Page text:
Guardian (London, England), January 28, 2006, Odd Arne Westad, "The Superpowers' Balance Sheet," review of The Cold War.
Historian, summer, 1999, William O. Walker III, review of We Now Know, p. 904.
History Today, February, 2006, Jerome Kuehl, review of The Cold War, p. 62.
International Affairs, October, 1999, William Walker, review of Cold War Statesmen Confront the Bomb: Nuclear Diplomacy since 1945, p. 830.
Journal of American History, March, 1998, Carolyn Eisenberg, review of We Now Know, p. 1462.
Journal of Military History, July, 2000, Michael Latham, review of Cold War Statesmen Confront the Bomb, p. 904.
Kirkus Reviews, September 1, 2002, review of The Landscape of History, p. 1279; November 1, 2005, review of The Cold War, p. 1170.
Library Journal, January 1, 1982, R.W. Winks, review of Strategies of Containment: A Critical Appraisal of Postwar American National Security Policy; August 1, 2005, Michael Rogers, review of Strategies of Containment, p. 134; November 15, 2005, Ed Goedeken, review of The Cold War, p. 76.
London Times, January 1, 2006, John Lewis, review of The Cold War.
National Interest, winter, 1997, Robert Jervis, review of We Now Know, p. 82.
National Review, December 31, 1997, Peter W. Rodman, review of We Now Know, p. 50.
New Republic, August 2, 1982, Barry Rubin, review of Strategies of Containment; May 30, 1988, Fareed Zakaria, review of The Long Peace.
New Statesman, January 23, 2006, Richard Gott, "The Great Divide: Richard Gott on an Unashamedly Biased Account of the US-Soviet Stand-off," review of The Cold War, p. 53.
New York Review of Books, October 9, 1997, Tony Judt, review of We Now Know, p. 39.
New York Times, October 30, 2002, Richard Bernstein, review of The Landscape of History, p. E7.
New York Times Book Review, September 10, 1972, review of The United States and the Origins of the Cold War: 1941-1947; January 17, 1982, Joseph S. Nye, review of Strategies of Containment; November 15, 1987, Charles S. Maier, review of The Long Peace; May 25, 1997, Priscilla Johnson McMillan, review of We Now Know, p. 20; November 17, 2002, Alan Brinkley, review of The Landscape of History, p. 50; March 21, 2004, Jack F. Matlock, Jr., review of Surprise, Security, and the American Experience, p. 13; January 15, 2006, Michael Beschloss, "Look Back in Relief," review of The Cold War, p. 9.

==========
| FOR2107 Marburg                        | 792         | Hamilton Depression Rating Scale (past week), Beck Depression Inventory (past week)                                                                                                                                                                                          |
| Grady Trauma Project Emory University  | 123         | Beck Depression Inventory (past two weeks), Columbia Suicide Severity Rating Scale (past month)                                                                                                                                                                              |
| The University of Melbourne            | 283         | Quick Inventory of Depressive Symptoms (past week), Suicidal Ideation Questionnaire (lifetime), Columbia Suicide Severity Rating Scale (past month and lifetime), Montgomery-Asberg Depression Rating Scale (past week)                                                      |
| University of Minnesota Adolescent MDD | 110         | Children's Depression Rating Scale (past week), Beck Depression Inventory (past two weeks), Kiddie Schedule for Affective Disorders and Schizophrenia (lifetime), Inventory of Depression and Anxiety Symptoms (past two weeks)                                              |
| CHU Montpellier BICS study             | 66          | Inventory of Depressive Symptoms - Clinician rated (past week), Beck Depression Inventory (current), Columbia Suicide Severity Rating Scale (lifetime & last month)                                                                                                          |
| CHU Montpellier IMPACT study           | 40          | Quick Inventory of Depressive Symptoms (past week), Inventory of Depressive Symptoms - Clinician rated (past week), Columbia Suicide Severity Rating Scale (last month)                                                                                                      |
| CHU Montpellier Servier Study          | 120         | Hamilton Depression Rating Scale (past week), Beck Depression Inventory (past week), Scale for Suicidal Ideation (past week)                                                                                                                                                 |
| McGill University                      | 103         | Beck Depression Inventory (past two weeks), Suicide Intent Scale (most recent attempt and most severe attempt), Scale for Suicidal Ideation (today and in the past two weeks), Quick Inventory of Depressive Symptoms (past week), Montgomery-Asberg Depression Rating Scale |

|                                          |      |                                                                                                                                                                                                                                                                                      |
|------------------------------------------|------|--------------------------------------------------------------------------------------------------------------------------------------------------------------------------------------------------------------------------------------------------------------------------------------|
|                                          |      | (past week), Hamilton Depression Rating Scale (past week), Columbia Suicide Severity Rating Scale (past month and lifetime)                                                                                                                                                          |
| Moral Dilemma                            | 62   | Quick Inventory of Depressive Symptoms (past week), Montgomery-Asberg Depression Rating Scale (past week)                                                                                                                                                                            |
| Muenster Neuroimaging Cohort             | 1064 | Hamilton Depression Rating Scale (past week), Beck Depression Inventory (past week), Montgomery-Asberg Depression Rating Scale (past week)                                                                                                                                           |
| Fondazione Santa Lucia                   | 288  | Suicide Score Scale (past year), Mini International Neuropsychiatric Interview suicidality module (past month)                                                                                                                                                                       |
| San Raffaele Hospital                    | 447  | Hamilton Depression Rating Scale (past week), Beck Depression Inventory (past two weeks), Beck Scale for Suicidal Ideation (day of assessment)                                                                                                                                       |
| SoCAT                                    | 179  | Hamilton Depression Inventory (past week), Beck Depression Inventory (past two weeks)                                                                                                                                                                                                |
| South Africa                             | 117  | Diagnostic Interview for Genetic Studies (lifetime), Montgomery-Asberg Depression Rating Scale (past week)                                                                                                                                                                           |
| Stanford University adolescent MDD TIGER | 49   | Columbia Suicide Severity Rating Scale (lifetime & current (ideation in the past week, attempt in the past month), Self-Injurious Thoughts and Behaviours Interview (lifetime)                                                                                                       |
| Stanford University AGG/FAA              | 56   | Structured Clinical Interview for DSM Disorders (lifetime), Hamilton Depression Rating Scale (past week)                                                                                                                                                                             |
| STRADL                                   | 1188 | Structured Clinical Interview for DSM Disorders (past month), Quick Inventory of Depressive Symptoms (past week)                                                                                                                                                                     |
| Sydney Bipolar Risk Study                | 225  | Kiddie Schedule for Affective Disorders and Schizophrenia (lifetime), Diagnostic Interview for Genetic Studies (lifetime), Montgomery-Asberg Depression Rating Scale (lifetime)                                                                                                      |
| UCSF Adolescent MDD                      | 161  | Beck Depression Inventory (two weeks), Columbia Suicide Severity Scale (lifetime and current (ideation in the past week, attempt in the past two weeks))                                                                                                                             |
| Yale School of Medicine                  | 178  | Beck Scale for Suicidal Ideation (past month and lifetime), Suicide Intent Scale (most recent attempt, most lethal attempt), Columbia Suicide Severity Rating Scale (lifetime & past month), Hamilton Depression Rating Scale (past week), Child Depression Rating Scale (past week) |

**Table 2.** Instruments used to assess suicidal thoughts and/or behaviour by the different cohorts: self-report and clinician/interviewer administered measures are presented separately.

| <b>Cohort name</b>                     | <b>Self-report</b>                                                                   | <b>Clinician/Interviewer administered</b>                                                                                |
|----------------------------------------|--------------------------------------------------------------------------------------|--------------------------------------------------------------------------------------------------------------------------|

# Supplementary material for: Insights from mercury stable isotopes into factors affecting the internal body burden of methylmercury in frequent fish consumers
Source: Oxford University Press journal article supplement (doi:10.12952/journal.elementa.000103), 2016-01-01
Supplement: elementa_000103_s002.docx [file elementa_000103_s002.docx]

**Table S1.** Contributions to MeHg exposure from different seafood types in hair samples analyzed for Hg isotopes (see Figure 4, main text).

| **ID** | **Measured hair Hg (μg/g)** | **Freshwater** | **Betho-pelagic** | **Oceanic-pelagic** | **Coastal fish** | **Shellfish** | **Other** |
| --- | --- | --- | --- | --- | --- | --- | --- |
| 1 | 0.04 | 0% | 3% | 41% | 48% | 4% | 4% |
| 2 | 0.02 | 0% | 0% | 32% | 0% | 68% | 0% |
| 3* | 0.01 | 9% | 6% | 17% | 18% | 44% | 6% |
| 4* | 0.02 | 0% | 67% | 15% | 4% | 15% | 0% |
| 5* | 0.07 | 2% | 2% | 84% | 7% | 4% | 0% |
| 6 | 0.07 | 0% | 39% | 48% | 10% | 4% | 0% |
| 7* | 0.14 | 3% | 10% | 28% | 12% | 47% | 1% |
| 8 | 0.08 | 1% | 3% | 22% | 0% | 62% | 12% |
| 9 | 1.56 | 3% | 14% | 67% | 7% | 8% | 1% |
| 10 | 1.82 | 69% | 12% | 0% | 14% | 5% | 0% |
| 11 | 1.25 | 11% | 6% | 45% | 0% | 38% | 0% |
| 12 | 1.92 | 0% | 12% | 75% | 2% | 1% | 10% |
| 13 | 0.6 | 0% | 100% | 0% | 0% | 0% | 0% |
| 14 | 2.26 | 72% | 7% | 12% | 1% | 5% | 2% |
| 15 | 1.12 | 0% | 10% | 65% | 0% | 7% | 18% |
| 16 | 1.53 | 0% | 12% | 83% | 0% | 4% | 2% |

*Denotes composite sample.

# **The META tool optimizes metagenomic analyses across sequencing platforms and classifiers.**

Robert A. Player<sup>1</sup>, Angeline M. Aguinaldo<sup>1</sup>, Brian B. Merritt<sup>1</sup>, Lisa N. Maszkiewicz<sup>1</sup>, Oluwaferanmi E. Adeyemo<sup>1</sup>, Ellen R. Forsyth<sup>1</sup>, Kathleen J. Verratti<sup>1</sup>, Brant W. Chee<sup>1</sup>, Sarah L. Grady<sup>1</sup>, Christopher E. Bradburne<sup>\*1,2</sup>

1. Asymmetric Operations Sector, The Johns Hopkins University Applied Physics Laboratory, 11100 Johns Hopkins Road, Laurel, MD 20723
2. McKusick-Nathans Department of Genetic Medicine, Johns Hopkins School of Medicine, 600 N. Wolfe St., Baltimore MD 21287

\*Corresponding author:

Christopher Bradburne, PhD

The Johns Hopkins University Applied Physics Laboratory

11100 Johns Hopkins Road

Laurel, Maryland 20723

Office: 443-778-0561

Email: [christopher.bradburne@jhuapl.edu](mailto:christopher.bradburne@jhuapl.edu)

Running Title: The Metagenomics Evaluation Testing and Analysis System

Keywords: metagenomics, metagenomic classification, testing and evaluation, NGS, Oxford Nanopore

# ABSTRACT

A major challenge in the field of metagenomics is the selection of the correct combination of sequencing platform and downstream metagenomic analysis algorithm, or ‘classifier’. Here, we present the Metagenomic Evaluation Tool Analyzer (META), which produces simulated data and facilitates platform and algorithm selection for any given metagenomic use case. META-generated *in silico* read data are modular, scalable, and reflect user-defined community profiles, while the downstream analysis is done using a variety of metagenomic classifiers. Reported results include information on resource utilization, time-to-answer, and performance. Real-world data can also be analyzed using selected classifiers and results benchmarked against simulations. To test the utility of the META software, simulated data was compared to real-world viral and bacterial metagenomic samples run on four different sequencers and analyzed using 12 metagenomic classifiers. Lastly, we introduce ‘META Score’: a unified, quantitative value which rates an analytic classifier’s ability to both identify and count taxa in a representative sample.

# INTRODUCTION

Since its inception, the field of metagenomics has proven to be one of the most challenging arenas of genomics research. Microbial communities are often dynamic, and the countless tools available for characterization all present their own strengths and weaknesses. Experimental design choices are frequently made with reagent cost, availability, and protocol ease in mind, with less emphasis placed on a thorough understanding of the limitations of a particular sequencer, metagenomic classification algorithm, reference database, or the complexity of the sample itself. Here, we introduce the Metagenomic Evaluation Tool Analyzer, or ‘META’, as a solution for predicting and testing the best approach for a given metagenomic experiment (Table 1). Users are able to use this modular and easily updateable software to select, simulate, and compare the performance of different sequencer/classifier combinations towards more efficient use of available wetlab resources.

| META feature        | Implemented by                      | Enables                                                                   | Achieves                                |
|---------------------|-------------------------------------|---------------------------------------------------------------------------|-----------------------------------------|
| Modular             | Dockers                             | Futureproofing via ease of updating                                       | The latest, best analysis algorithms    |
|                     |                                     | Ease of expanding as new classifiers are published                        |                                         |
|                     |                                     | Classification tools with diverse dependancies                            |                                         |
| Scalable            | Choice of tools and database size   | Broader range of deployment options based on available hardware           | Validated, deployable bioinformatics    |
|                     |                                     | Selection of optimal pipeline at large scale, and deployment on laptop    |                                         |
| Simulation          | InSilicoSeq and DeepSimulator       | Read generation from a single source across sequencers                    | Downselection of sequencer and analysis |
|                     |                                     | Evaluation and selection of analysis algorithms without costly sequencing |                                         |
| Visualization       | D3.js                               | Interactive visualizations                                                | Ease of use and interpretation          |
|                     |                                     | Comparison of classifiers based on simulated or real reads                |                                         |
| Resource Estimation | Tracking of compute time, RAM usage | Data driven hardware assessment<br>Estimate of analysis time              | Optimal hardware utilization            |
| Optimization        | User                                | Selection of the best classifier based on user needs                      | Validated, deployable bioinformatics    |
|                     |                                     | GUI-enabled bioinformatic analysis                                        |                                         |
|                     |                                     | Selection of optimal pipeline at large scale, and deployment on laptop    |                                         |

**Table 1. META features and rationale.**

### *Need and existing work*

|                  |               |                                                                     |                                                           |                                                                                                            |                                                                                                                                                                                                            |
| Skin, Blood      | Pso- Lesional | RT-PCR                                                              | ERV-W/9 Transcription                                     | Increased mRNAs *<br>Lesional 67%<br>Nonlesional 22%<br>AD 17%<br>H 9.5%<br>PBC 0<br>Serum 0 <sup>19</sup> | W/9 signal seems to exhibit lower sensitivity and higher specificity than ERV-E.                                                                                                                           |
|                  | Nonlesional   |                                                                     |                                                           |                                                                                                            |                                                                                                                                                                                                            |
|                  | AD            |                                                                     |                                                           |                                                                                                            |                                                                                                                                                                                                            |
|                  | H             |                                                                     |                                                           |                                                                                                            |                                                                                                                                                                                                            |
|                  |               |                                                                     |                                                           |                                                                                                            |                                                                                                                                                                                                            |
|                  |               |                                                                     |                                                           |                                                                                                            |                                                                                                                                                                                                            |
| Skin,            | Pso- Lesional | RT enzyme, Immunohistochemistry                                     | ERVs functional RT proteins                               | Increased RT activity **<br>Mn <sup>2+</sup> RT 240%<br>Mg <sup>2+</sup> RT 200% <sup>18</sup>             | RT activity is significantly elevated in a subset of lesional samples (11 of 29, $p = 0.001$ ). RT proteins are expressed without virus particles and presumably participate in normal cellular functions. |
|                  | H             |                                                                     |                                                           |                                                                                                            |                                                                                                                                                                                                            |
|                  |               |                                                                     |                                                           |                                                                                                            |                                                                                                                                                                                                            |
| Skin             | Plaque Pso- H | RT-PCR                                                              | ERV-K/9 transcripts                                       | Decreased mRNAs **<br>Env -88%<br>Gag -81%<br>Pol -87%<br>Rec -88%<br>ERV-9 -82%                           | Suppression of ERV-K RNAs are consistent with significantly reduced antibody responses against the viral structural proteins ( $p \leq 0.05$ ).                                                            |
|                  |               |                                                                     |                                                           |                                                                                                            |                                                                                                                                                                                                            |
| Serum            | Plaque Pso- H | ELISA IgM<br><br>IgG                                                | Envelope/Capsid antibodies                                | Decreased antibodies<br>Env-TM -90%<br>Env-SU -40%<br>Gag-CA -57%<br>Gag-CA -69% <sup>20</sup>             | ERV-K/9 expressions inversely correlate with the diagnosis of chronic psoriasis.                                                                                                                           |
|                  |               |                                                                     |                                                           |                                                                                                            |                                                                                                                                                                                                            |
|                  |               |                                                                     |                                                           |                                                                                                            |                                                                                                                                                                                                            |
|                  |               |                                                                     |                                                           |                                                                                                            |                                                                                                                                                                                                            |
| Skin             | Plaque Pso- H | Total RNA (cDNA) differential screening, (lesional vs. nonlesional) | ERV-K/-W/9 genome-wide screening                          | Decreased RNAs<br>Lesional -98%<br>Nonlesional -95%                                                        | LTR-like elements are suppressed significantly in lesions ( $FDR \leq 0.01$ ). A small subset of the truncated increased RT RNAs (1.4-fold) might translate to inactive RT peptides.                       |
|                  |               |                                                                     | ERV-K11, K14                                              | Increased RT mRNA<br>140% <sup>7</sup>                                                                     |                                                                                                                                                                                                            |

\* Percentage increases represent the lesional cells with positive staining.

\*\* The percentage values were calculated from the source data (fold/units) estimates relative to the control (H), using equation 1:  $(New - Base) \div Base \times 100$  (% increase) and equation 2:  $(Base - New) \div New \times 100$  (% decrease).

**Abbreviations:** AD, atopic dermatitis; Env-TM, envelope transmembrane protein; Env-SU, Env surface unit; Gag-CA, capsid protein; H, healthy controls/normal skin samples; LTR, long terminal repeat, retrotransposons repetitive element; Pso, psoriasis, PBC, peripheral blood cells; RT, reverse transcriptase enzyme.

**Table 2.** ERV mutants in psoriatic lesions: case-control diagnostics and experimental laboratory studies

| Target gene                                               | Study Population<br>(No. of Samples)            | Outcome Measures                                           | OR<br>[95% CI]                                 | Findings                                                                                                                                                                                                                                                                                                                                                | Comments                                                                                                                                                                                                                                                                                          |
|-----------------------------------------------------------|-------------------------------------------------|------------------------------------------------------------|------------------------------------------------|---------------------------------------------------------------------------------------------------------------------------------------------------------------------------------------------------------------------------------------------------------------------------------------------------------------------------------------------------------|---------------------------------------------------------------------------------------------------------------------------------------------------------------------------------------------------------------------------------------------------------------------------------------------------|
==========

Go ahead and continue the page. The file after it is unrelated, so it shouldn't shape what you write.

Observer (London, England), January 8, 2006, Tim Gardam, "When Worlds Collide," review of The Cold War.
Political Science Quarterly, summer, 2006, Fred I. Greenstein, review of The Cold War, p. 321.
Publishers Weekly, November 14, 2005, review of The Cold War, p. 60.
Quadrant, November, 2006, Peter Coleman, "Cold War Blues: With One Eye on Baghdad," p. 84.
Reviewer's Bookwatch, November, 2005, Michael J. Carson, review of Strategies of Containment.
Reviews in American History, December, 1997, Michael S. Sherry, review of We Now Know, p. 531.
Spectator, January 14, 2006, David Caute, "The Most Charitable Interpretation," review of The Cold War, p. 35.
U.S. News & World Report, March 8, 2004, Michael Barone, review of Surprise, Security, and the American Experience, p. 37.
Washington Monthly, April, 2006, Nicholas Thompson, "How We Won: John Lewis Gaddis's New History of the Cold War Should Be Next on the President's Reading List," p. 51.
Washington Post Book World, February 21, 1982, Carl Kaysen, review of Strategies of Containment; November 8, 1987, Robert L. Beisner, review of The Long Peace.
Wilson Quarterly, summer, 1997, Thomas Blanton, review of We Now Know, p. 90.
Wisconsin Bookwatch, November, 2005, review of Strategies of Containment.
CNN.com,http://www.cnn.com/ (April 4, 2008), "Cold War Chat: Professor John Lewis Gaddis."
Public Broadcasting Service Frontline Web site,http://www.pbs.org/ (April 4, 2008), "Interview: John Lewis Gaddis."
Yale University Web site,http://www.yale.edu/ (April 4, 2008), faculty profile of author.